Nov 17, 2016

The future is bright...the future is immunological!


Recently, the British Society of Immunology (BSI) turned 60, and ROAD was invited to join the celebrations and learn about the evolution of immunology since the days of plastic bowls, nose clips and ECG machines.

Although no strangers to the medical industry, particularly in the education and promotion of new medical devices and drugs as they come to market, the meeting provided a unique opportunity to expand our understanding of the advances in medical research and where immunology is heading…

To demonstrate how far medical R&D has come, Peter Openshaw, President of the BSI shared a personal story about a time when he was investigating an unknown milky substance extracted from a baby’s abdomen. He watched as his mentor picked up the glass, sniffed it and then took a gulp before proclaiming ‘it’s not milk’!

Thankfully, for scientists and clinicians, research methodology in immunology has moved on and life changing discoveries and new therapies are evolving rapidly. When the NHS began, only two vaccinations were available, today the NHS protects against 20 infectious diseases1 and immunology is advancing towards immune based therapies and break-through cures.

Breakthroughs in immunology 

One such break-through in immunology is cancer. Recent news stories2 this week predicted that ‘half a million people will be diagnosed with cancer every year by 2035’. Despite such worrying statistics, there was a real sense of optimism amongst BSI members around cancer immunotherapy, proclaimed as the ‘science breakthrough of the year!’1. Immune therapy works by stimulating the immune system to trigger an infection which fights the cancer. Trials have shown that the therapy can fight cancer more powerfully, whilst also improving longer-term protection for patients and fewer side effects -  creating a soar in interest from pharmaceutical companies1.

‘Cancer MoonShot’3 is one such US initiative to find a vaccine based cure for cancer by 2020. The collaborative programme seeks to accelerate immunotherapy as the next generation standard of care in cancer patients. Randomized Phase II trials will take place in patients at all stages of disease in 20 tumour types in 20,000 patients. Findings will inform Phase III trials with the aim to develop an effective vaccine-based immunotherapy to combat cancer - quite a challenge to say the least but one which offers hope to many.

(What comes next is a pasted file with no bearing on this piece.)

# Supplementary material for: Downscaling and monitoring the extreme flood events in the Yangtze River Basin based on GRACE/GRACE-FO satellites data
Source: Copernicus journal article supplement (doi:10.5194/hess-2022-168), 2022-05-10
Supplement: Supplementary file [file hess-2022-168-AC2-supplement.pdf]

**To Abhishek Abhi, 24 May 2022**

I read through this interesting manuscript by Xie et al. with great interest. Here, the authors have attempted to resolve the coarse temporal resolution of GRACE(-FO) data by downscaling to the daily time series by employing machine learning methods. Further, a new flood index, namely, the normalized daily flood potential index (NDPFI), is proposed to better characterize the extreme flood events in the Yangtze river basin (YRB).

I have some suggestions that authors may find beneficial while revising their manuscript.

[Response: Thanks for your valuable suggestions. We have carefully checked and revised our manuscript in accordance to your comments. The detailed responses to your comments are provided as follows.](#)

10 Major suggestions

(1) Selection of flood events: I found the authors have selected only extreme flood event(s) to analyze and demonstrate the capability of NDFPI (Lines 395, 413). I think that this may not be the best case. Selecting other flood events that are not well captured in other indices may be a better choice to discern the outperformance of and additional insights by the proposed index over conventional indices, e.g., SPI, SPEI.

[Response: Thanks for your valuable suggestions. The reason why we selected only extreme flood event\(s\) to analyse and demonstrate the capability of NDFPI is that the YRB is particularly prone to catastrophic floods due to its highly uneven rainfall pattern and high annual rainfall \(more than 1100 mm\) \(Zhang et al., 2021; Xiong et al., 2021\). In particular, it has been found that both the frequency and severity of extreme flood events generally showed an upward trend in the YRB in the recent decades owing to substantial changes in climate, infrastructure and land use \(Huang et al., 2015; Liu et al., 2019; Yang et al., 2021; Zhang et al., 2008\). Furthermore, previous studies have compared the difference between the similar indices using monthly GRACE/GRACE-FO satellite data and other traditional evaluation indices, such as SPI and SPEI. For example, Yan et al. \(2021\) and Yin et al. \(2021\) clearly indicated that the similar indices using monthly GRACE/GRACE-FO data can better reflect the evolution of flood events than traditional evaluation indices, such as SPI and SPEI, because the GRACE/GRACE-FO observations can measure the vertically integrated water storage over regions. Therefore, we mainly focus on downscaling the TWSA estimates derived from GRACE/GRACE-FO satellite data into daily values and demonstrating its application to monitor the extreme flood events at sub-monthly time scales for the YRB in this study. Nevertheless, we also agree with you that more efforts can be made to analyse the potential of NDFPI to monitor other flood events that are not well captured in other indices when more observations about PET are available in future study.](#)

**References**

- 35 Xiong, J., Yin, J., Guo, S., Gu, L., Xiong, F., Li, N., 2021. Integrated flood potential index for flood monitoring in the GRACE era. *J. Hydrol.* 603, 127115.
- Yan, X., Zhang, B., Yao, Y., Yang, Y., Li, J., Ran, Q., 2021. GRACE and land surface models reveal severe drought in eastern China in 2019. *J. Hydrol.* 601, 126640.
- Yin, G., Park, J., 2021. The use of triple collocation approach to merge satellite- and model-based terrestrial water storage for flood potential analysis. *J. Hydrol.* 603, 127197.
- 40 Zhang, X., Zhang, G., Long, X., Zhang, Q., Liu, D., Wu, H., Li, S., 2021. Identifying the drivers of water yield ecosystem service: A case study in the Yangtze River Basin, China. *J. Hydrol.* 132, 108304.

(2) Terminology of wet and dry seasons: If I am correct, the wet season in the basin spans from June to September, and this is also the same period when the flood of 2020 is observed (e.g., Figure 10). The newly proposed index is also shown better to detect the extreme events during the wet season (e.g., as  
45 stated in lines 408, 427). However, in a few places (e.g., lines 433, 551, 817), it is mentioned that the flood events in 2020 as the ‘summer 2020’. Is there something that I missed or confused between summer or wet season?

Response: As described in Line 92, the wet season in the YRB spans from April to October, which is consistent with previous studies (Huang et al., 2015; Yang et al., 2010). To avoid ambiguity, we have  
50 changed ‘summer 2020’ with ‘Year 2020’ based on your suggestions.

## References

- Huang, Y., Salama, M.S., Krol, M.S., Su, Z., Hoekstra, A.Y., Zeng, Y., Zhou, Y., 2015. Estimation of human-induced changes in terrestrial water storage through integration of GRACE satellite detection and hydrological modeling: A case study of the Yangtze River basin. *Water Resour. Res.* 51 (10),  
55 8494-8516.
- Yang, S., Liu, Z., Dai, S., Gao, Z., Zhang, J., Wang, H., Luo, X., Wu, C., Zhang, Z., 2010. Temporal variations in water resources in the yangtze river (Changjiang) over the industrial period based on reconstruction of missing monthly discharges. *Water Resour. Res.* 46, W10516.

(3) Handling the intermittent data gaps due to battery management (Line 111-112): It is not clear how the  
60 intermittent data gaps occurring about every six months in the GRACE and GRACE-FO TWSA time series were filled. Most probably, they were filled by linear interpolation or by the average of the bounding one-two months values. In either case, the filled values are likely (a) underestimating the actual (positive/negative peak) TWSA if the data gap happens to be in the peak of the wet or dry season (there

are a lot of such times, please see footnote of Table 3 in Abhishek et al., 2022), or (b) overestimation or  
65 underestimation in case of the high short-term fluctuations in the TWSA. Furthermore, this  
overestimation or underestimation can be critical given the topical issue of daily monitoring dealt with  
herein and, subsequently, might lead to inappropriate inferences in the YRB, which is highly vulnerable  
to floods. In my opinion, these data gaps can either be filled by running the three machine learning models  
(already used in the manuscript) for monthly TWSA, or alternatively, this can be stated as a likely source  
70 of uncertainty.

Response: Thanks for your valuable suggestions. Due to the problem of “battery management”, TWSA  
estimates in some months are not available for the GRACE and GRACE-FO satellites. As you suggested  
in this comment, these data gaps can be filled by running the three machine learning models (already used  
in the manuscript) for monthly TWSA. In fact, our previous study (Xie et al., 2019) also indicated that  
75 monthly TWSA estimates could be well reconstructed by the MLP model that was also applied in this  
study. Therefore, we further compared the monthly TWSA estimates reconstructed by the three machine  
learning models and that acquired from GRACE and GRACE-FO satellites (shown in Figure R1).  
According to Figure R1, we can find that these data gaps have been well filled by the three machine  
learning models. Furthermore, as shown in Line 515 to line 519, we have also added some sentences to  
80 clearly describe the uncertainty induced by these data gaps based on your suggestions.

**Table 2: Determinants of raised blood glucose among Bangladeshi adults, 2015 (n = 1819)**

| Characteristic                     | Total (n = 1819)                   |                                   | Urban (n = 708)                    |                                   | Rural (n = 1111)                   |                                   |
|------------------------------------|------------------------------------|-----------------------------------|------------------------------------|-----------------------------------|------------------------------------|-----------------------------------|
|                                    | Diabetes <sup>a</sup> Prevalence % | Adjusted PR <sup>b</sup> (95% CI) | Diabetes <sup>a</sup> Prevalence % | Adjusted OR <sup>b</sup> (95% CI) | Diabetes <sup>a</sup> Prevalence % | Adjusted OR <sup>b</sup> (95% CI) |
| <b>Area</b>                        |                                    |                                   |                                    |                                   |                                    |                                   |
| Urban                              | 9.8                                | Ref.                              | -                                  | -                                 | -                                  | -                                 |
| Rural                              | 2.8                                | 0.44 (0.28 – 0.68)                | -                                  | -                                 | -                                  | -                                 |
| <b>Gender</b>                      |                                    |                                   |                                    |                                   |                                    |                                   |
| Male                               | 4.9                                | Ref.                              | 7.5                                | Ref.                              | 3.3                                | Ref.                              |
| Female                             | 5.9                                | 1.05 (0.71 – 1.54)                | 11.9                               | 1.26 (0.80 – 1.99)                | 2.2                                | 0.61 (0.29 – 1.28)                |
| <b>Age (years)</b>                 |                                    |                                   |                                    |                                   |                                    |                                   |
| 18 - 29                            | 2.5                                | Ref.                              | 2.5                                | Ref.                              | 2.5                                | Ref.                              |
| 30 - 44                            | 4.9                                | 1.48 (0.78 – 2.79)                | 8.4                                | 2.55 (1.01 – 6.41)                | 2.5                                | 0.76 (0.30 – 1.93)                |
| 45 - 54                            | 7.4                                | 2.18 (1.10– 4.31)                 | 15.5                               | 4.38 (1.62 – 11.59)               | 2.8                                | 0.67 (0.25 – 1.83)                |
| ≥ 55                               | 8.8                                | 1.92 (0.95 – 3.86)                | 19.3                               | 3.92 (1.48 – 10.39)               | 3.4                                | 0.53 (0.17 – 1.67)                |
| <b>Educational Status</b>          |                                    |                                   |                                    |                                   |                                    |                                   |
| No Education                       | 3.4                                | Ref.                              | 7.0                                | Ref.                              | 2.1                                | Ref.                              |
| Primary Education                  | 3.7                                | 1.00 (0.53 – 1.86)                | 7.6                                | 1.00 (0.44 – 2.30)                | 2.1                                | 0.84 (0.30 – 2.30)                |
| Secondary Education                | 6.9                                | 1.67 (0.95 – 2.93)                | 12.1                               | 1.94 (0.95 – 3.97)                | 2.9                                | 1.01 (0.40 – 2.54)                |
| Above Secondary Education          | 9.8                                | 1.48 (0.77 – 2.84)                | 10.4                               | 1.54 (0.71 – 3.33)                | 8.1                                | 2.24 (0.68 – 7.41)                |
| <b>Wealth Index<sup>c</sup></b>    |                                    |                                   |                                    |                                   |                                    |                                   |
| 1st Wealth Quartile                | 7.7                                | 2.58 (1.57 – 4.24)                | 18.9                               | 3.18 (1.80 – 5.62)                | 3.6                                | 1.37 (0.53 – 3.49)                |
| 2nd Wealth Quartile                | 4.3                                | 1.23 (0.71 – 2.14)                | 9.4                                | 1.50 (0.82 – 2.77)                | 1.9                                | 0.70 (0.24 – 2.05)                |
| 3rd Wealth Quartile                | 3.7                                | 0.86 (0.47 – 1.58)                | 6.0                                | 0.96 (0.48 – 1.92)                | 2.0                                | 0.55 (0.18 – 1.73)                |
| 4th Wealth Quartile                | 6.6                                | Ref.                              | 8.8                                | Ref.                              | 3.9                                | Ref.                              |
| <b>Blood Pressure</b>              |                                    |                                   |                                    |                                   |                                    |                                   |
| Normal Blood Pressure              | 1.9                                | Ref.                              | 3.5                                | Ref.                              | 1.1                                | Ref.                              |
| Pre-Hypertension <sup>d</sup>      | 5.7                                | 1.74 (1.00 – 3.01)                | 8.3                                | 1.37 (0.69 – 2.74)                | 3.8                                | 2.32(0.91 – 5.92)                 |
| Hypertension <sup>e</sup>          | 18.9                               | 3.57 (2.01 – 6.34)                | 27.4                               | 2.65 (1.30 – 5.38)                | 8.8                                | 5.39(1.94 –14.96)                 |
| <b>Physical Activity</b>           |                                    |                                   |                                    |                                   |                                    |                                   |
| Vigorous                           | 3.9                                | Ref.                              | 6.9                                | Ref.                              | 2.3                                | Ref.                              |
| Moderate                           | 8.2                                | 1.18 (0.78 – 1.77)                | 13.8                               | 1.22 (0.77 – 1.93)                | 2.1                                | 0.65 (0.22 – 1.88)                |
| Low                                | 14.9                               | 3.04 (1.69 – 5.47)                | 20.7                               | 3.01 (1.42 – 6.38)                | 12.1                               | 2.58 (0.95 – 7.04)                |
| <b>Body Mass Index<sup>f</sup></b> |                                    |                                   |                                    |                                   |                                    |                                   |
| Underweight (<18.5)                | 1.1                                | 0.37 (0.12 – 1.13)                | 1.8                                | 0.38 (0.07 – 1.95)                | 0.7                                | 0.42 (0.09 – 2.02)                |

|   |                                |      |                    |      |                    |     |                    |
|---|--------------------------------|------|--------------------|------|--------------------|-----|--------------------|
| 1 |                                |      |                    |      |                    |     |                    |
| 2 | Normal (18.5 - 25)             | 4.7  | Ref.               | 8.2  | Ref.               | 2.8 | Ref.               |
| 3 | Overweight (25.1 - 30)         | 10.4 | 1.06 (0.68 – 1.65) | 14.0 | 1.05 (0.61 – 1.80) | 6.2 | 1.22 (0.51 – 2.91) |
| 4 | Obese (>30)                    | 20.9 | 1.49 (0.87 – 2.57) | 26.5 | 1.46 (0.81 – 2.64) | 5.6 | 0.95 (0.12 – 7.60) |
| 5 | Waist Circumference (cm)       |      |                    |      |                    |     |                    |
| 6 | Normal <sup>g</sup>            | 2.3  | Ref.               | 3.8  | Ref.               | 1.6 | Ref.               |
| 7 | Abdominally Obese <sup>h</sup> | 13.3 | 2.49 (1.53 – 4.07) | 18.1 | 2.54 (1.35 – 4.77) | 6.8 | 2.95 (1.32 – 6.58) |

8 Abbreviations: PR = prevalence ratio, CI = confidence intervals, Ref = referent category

Another area receiving attention in the press and the immunology world is Alzheimer’s1. To date there is no known cure but evidence is building around the impact of the immune system and its role in degenerative diseases, so it will be interesting to see how research evolves, particularly given the challenges facing an unsustainable and cash-strapped NHS.

Whatever the investment and research required over the coming years to increase the portfolio of therapies, one thing which was consistent across the board was the need to reduce the ‘time lag’ between lab to patient. Much of this can be attributed to a lack of clinician scientists which prevents access to a healthcare setting. Patient access is still something many reported as a recurring challenge, so new ways of trialing drugs are needed to improve the speed of getting new therapies to launch. Charities and patient groups were mentioned as one pathway which could improve access in the future.  

Although sadly we’re not scientists involved in the development and delivery of drugs to patients, ROAD has vast experience in healthcare education and promoting new medicines to healthcare professionals, regulators and patients. Get in touch to learn more about how we might be able to help you.